Here is the flywheels and crankshaft mounted in the base with the new
babbitt bearings poured, scraped, and oil grooved. The wheels rotate nice now
and turn over real easy. They also are nice and true which is something
everyone worries about when working on a project like this...
Disassembly of the cross-head and pressing out of cross-head connecting
rod pivot pin...
This first photo is of a square piece of flat stock which will be the new
intake valve when completed. I am boring a 3/4" diameter hole in it to
press in the stem. In the next photo, it is welded to a 3/4" diameter rod (stem)
and I have cut the corners off with the torch and am ready to put it back in
the lathe for turning...
These couple of photos where taken at different stages of turning the
Here the valve is in its new home. I haven't turned or ground the 45 deg.
angle yet because I want to wait till I have the seat all cleaned up. This
way I can make the diameters come out (match up) between the seat and the
Well, for the next part of the project I need to make (6) 38 1/2" long
studs for bolting the cylinder, sleeve, and head together. They are
threaded on each end with a 1 1/4" x 7 thread 3 1/2" long. Here in the
first photo you can see a piece set up in the lathe and in the second
photo are the other (5) pieces waiting to be threaded...
After many passes with the tool bit the threads have taken shape. They
came out real good. In the first photo the threads are a little brown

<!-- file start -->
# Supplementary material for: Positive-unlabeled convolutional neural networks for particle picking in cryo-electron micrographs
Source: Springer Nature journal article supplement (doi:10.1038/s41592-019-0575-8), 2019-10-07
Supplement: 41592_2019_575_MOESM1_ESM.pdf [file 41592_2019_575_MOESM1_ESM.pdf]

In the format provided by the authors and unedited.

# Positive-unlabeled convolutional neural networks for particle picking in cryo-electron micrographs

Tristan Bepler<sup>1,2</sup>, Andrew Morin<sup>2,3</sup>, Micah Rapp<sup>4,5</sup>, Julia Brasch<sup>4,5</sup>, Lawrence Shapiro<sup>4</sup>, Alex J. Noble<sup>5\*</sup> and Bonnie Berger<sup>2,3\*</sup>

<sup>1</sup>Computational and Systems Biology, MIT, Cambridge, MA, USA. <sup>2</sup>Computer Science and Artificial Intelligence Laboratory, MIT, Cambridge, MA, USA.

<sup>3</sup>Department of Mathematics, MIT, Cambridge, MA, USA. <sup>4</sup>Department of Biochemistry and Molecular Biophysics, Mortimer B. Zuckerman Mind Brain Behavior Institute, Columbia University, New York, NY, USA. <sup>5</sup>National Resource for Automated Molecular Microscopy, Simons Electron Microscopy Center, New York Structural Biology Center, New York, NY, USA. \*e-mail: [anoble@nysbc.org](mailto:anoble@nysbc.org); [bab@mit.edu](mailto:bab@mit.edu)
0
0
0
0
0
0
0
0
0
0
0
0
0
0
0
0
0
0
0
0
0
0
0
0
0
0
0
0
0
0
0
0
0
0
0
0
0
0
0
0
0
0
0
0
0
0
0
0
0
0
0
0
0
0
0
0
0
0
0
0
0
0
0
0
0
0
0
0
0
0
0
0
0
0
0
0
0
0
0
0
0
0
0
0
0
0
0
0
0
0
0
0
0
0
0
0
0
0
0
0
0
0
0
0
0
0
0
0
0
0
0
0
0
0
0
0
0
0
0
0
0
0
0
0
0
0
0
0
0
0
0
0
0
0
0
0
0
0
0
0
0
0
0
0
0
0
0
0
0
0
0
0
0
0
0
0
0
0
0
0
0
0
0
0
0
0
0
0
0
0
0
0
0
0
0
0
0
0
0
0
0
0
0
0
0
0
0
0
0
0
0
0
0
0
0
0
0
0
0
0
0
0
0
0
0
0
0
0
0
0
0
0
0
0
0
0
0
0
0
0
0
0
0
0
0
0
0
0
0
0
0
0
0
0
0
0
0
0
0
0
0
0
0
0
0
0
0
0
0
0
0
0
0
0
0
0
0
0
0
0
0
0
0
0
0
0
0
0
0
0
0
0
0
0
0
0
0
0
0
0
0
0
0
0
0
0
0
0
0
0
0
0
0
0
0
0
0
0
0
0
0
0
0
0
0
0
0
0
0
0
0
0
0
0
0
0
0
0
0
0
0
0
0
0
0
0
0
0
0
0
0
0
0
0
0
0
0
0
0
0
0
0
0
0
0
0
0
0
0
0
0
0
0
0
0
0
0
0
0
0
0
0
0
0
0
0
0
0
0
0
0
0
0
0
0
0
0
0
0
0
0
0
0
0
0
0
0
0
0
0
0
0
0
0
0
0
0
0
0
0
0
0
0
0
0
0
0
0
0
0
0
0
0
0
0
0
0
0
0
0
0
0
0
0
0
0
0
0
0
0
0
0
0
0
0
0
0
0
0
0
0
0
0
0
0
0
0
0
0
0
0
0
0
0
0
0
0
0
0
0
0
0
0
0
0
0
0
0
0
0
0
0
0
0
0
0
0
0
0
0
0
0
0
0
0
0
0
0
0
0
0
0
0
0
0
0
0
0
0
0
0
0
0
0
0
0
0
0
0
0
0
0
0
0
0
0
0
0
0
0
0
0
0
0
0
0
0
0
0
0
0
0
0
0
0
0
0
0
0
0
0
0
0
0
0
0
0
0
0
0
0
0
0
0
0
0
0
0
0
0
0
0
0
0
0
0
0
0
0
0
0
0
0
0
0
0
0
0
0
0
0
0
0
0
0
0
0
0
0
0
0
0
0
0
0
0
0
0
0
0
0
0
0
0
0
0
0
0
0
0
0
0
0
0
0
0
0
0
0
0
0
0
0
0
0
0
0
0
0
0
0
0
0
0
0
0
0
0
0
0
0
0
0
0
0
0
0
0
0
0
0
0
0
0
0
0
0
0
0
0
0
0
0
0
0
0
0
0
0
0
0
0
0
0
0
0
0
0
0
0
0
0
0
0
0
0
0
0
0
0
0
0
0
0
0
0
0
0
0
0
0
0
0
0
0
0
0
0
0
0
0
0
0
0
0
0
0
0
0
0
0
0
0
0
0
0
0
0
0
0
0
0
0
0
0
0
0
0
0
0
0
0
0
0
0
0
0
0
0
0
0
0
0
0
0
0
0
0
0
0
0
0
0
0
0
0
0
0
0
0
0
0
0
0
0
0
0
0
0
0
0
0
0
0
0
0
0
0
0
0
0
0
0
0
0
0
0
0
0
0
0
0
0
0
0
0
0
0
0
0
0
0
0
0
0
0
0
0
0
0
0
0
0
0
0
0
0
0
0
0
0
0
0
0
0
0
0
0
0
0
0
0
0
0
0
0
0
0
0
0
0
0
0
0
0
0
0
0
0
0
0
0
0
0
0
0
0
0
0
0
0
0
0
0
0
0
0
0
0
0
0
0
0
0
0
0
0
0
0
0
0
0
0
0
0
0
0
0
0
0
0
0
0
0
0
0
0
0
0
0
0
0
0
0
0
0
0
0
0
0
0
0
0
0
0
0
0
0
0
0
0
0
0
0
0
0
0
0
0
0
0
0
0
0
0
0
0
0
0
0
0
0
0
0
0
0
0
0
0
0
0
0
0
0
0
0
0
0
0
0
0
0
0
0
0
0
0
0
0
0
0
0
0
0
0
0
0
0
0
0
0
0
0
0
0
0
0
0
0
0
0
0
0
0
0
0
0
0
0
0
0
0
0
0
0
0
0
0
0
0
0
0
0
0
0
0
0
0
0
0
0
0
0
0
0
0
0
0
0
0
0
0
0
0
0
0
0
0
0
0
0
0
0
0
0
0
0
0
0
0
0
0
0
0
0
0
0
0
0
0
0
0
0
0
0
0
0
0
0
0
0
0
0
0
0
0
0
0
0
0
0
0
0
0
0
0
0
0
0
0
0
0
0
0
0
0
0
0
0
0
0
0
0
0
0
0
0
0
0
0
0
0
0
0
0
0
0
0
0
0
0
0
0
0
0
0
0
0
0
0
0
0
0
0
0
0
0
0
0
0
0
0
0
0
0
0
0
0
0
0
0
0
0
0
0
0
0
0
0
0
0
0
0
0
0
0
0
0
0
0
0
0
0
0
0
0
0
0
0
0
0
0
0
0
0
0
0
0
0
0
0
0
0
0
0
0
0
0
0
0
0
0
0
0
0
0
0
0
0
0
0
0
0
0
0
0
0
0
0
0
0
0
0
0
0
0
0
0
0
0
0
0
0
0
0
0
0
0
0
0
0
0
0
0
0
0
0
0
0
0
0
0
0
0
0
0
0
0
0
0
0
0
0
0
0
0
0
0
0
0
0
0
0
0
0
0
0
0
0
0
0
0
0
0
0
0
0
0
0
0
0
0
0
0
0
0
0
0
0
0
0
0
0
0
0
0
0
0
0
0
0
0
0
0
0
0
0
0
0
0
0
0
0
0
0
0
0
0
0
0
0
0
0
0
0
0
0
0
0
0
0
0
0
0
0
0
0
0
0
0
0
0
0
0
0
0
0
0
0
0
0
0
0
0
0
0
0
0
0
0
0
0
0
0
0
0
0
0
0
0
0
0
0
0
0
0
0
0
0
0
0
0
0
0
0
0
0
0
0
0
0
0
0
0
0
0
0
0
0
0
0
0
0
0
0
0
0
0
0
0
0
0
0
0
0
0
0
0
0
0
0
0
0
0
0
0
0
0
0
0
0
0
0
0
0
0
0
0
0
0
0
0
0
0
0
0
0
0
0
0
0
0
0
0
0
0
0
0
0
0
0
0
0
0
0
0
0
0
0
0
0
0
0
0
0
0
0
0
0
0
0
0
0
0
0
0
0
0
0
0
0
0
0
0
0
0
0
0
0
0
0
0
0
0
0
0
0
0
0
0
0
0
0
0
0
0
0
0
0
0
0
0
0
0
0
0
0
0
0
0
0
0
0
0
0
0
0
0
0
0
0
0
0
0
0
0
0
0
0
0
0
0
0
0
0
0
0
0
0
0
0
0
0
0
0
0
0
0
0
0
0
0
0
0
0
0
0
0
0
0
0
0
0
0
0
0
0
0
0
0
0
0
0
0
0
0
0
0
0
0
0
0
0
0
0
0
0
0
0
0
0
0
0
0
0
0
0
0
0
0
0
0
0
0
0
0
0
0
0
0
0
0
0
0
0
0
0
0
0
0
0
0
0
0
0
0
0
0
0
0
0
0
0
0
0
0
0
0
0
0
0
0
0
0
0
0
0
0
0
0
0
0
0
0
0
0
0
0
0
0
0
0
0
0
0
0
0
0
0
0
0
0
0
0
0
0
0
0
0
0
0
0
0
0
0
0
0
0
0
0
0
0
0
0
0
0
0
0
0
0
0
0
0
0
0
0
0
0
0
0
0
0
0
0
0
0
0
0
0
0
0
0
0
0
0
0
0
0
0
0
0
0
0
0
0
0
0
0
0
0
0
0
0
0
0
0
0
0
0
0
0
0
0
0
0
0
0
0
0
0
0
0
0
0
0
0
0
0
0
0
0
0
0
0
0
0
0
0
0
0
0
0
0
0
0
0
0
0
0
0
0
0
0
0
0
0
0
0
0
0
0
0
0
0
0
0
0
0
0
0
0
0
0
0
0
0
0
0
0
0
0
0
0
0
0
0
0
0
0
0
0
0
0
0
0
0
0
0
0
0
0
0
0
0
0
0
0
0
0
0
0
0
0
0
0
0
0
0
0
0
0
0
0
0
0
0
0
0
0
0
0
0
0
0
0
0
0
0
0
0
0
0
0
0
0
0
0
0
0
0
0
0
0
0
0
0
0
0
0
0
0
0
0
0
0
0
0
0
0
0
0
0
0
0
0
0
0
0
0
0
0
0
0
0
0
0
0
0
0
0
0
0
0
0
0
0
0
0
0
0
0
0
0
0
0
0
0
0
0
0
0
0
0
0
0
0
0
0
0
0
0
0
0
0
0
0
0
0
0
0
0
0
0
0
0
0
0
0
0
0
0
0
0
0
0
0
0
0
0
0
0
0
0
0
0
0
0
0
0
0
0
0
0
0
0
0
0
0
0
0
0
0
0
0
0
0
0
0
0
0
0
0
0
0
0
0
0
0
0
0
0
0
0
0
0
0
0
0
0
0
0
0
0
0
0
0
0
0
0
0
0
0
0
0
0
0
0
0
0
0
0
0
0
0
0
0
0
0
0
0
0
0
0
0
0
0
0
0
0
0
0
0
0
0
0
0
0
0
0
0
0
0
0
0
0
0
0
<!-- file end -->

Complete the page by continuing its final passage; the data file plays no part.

from the cutting oil I put on them before screwing a nut on. In the
second photo you can see a nut screwed onto the threads making sure
In these next 2 photos you can see the 6 tie rods all completed with the
threads on both ends. There is one of the original tie rods also in the
photos and you can see what bad shape they are in. Making these new tie
rods was time consuming but well worth it, besides its fun...
The next part that needs repair is the water jacket. You can see in the
first photo that the crack runs from one end to the other. Believe it or
not, this crack makes this huge casting weak. I vee'd the crack real deep
and have started to weld it together with nickel rod. I used 2 straps
to squeeze the water jacket together and close the crack up...
In the first photo here the outside is all welded with three passes
completed. The first pass was in the bottom of the ground vee and the
other 2 were parallel to the first filling in the rest of the vee
groove. The next photo shows the deep vee groove on the inside ready
for welding. This also required three passes to fill. This process was
quite time consuming. I would put down about 1 inch of weld and then
skip to another area. Sometimes I would wait for the water jacket to
cool down before continuing. I would wait till I could touch the welded
area before proceeding. This method was used because I didn't
preheat the casting (water jacket)...
The first photo here is a close-up of the vee groove ground on the inside
of the water jacket. Then in the next photo you can see the finished
product. The welds both inside and out are ground down and a thin layer
Devcon which will get sanded and primed...
In these 2 photos the water jacket is all sanded, wire brushed and
ready for the first coat of primer. I also wipe the surface to be primed